When my family and I gathered at the hospice facility for Dad’s final days on this earth, I recall a gentle and caring social worker telling us all to be patient with one another because we would each experience this grief differently. I was grateful to her for that reminder. How right she was. Some of us spoke openly in Dad’s presence about what was coming, and others were uncomfortable saying the words “death” or “dying” in Dad’s hearing. Some of us cried openly; others carried their grief deep inside. Some of us needed solitude and space to grieve; others needed to stay close to the family group.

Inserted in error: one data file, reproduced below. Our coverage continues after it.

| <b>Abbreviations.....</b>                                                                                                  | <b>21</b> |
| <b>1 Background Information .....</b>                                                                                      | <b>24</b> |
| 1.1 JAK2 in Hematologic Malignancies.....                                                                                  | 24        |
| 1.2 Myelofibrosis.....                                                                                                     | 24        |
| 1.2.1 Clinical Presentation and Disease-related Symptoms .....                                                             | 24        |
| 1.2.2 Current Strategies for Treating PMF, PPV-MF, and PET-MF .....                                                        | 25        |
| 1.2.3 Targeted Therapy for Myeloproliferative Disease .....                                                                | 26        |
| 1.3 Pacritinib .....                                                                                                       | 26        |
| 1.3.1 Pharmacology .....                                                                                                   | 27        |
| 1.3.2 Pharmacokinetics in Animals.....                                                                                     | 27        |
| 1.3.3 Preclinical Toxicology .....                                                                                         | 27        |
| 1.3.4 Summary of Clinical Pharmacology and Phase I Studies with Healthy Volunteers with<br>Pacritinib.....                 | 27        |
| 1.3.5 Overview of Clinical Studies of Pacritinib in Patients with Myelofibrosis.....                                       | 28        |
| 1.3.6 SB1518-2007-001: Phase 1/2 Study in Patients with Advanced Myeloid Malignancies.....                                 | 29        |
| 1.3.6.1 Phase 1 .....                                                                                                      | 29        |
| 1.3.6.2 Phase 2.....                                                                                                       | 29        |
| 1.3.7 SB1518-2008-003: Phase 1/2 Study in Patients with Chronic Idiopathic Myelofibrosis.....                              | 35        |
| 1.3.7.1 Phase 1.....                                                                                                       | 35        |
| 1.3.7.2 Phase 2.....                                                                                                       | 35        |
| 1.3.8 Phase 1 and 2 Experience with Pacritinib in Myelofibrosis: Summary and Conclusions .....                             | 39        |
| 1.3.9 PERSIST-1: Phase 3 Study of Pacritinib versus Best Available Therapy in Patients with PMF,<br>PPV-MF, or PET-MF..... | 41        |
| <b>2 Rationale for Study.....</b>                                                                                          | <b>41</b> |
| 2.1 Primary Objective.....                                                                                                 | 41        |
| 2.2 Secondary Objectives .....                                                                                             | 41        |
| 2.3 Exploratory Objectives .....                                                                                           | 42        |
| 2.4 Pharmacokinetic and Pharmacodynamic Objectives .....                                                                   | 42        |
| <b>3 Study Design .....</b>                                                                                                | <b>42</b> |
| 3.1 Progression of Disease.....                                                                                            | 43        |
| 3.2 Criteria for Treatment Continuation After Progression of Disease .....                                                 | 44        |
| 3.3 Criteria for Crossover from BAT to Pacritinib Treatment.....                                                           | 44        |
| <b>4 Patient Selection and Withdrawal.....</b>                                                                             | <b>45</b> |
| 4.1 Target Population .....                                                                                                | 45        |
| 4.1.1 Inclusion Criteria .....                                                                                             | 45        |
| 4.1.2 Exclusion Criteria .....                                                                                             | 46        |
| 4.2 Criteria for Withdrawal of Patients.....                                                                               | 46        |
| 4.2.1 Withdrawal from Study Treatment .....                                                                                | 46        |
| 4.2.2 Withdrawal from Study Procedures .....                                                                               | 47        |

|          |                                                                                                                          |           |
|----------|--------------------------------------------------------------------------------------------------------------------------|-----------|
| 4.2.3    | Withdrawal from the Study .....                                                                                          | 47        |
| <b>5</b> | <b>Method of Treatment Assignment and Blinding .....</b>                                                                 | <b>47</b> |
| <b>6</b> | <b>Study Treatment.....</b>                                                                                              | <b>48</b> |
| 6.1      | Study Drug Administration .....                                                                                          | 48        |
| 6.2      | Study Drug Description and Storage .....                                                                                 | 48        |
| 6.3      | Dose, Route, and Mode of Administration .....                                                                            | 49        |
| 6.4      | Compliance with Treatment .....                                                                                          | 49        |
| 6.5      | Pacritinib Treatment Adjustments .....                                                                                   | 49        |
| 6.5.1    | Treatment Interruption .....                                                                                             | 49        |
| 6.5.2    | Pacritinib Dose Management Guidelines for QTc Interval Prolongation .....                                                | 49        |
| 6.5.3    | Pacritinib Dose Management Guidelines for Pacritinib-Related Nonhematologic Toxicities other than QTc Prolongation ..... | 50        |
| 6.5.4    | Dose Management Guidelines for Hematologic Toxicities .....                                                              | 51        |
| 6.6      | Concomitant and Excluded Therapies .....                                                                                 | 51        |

When we grieve, we each walk a different journey. No one can tell you how to grieve. Your process is your process. As in the book Tear Soup by Pat Schwiebert, Chuck DeKlyen and Taylor Bills, we each need to make our own soup recipe, filling the pot with tears, feelings, memories, misgivings and more. Your soup will not taste like mine. Your soup will take a different amount of time to cook than mine. This is an individual process, and we should never judge one another’s grief.
This message is adapted from the free online resource Faces of Grief, written by Sonia Solomonson.